Arthroscopy involves a lens attached to the end of a thin tube that is inserted into the joint, displaying the internal structure of the joint on a monitor, allowing for direct observation of the internal structure. Arthroscopy is not only used for diagnosis of diseases but also for the treatment of joint diseases.
In the center is a rod lens system for image collection, surrounded by fiber optic cables for importing light sources and a metal protective sheath on the outside. It consists of the arthroscopy lens, camera, host, display, and cold light source. Arthroscopy is used to insert into the joint cavity, and the rod contains a set of fiber optic cables and a set of perspectives. Fiber optic cables transmit light into the joint, and the perspective transmits internal images of the joint. Outside the joint, a light cable connects fiber optic cables to a cold light source, so the cold light source can illuminate the joint. A camera connects the lens to the host and the display, reflecting internal images of the joint on the monitor. By establishing tiny incisions on the skin, arthroscopy is placed into the joint, connected to imaging and display equipment, allowing direct observation of the joint structure and disease. Special instruments are used to treat joint diseases, thereby avoiding many open joint surgeries.
Arthroscopy is used in the diagnosis and treatment of various diseases, such as meniscus injuries, anterior and posterior cruciate ligament rupture, joint cartilage injury, joint loose bodies, osteoarthritis, inflammatory joints, pigmented villonodular synovitis, crystal arthritis, infectious arthritis, and traumatic arthritis.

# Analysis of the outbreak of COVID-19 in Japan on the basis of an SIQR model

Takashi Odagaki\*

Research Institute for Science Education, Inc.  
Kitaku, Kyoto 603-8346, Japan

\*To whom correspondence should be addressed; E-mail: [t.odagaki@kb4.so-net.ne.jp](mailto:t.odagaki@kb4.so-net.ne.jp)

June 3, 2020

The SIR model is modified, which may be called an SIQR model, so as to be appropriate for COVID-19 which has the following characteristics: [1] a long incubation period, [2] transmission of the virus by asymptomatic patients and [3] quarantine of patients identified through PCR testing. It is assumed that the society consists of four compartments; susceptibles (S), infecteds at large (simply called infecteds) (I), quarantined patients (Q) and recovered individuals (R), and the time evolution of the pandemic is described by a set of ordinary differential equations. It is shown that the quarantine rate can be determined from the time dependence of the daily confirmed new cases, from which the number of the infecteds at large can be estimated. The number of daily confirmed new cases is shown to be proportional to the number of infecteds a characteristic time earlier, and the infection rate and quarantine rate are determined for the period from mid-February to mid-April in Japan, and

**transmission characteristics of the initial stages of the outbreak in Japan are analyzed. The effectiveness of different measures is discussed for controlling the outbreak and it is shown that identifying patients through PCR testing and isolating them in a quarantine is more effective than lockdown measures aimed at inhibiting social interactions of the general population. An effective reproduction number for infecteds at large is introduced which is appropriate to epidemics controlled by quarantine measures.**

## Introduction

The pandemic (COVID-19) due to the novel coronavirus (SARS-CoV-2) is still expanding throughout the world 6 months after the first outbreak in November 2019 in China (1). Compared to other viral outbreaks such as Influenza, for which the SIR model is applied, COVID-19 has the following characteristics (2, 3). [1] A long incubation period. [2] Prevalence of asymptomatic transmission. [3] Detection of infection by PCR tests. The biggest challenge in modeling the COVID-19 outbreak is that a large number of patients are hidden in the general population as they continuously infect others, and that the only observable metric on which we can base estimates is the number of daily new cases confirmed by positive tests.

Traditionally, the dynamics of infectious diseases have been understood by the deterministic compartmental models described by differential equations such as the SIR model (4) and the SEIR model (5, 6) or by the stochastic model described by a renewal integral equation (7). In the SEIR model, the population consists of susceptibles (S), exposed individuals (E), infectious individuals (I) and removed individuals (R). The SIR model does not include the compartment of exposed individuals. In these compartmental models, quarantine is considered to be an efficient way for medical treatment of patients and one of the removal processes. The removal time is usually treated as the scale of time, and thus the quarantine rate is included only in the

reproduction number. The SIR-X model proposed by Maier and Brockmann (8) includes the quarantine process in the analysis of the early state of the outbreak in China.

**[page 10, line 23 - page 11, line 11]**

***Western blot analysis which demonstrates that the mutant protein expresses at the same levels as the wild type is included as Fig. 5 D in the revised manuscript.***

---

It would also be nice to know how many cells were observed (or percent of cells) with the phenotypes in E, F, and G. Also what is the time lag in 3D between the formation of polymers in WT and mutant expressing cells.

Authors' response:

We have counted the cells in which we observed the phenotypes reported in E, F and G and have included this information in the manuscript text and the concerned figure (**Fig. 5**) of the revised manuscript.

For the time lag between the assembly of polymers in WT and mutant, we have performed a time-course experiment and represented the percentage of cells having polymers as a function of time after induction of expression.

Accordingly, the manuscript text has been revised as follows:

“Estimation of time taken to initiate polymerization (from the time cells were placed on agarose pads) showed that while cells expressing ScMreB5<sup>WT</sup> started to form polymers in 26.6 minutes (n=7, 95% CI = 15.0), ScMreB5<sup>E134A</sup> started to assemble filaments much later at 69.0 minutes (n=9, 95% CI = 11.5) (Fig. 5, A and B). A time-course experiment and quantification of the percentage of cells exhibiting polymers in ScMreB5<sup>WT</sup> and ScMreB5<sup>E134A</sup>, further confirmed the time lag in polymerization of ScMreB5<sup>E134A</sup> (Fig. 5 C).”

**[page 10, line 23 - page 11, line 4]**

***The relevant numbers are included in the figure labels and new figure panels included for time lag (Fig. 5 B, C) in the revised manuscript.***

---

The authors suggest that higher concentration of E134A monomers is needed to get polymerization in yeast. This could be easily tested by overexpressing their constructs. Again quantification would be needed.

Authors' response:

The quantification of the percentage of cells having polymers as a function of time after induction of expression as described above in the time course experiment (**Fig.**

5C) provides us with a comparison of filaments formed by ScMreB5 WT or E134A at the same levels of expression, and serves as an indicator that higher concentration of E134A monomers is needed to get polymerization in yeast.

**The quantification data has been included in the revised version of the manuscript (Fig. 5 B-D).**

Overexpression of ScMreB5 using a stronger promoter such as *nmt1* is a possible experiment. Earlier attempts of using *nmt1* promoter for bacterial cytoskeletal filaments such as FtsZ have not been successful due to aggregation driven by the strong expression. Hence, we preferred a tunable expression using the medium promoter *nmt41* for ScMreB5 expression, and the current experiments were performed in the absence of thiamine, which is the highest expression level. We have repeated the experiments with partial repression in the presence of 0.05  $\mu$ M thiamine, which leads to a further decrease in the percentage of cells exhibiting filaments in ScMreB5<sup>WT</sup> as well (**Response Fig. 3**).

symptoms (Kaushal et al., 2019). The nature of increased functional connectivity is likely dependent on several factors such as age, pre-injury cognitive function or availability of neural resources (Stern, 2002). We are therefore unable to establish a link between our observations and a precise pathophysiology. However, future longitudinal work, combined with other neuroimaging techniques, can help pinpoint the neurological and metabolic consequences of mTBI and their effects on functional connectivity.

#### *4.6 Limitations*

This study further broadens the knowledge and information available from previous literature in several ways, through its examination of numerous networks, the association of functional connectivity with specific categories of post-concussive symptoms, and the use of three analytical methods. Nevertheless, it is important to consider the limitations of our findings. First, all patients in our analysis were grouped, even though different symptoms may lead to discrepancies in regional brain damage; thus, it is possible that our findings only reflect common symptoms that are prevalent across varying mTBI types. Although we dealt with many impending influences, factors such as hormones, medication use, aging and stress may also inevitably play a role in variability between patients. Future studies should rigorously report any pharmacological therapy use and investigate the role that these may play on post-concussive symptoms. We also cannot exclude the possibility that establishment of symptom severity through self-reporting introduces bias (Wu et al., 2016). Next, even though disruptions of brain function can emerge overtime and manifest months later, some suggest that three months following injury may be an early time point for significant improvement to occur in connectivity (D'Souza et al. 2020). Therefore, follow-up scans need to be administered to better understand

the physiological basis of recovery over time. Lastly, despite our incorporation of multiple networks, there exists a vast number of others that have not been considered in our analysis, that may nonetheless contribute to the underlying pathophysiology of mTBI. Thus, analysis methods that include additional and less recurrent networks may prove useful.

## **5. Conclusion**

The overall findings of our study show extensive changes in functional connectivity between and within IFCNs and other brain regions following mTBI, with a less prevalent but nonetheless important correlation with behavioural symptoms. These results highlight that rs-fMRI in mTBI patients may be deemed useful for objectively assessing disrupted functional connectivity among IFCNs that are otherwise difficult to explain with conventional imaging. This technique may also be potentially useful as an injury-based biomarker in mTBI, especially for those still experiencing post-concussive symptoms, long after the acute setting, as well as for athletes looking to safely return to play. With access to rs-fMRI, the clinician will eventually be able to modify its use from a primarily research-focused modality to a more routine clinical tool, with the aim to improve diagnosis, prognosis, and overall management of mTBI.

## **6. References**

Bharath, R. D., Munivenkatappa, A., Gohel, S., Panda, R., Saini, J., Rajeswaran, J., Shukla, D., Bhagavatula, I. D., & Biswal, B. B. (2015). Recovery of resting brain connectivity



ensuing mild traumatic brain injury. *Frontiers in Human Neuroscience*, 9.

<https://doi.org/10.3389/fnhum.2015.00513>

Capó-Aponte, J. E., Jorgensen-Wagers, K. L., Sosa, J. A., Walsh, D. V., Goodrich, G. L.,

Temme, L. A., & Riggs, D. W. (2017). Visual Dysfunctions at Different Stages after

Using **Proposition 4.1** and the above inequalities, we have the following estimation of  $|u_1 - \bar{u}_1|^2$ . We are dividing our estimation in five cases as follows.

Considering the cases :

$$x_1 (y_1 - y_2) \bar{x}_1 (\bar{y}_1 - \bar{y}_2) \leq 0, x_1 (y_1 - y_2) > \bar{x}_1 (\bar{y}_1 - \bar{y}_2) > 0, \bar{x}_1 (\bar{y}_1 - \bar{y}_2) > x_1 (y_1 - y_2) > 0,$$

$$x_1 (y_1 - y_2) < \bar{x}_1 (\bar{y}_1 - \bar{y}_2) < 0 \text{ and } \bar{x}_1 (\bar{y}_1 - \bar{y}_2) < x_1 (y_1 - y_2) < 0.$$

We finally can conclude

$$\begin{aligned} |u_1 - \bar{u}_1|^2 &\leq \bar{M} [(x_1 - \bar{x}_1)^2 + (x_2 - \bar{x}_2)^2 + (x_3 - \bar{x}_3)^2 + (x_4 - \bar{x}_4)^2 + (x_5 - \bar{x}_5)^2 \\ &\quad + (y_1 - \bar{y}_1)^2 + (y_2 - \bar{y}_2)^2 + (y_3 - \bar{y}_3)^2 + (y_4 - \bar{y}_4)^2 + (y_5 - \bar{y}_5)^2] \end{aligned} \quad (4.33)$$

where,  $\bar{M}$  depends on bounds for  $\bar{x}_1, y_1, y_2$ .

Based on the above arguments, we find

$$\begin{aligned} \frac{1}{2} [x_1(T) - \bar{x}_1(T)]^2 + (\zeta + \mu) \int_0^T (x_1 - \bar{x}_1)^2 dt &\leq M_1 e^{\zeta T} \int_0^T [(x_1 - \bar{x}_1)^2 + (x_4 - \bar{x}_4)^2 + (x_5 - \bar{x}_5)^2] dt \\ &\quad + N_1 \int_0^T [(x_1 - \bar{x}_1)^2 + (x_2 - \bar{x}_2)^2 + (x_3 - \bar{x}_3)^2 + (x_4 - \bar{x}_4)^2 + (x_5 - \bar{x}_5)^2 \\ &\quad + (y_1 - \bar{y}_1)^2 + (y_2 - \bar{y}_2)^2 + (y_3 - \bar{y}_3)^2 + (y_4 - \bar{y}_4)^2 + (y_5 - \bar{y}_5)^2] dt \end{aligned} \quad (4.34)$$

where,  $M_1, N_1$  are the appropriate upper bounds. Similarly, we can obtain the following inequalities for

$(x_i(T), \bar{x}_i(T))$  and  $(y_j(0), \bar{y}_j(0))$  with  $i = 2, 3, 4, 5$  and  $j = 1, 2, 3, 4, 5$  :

Arthroscopy allows almost all parts of the joint to be visible, providing a more comprehensive view compared to open joint surgery. The image is enlarged, providing a more accurate view. The incision is small, causing less trauma and scarring, and resulting in faster recovery and fewer complications. In some instances, the patient can return to activity immediately after anesthesia, which increases patient confidence in overcoming the disease. Arthroscopy surgery often achieves immediate results for the diagnosis of difficult joint diseases and for treating joint pain that has plagued the patient's life for years.
(1) The incision is small, aesthetic, avoiding stimulation symptoms caused by scars on the joint's surface and motion position in later stages.
(2) The surgery is minimally invasive, causing little pain and small postoperative reactions, which makes it easier for patients to accept.
(3) The patient can move and use limbs early after surgery, avoiding long-term bed rest complications, reducing the number of caregivers and costs.
(4) The incidence of complications is relatively low.
(5) The surgery does not affect the structure of the muscles surrounding the joint, and early functional exercise can be performed after surgery, preventing the costs and complications caused by prolonged immobilization of the joint.
(6) Joint lesions can be observed and examined in near-physiological conditions, referred to as "putting eyes and fingers into the joint," improving diagnostic capabilities, and establishing certain diseases such as synovial plica syndrome through arthroscopy.
(7) Arthroscopy can help perform surgeries that were difficult to complete with open surgery, such as partial meniscectomy.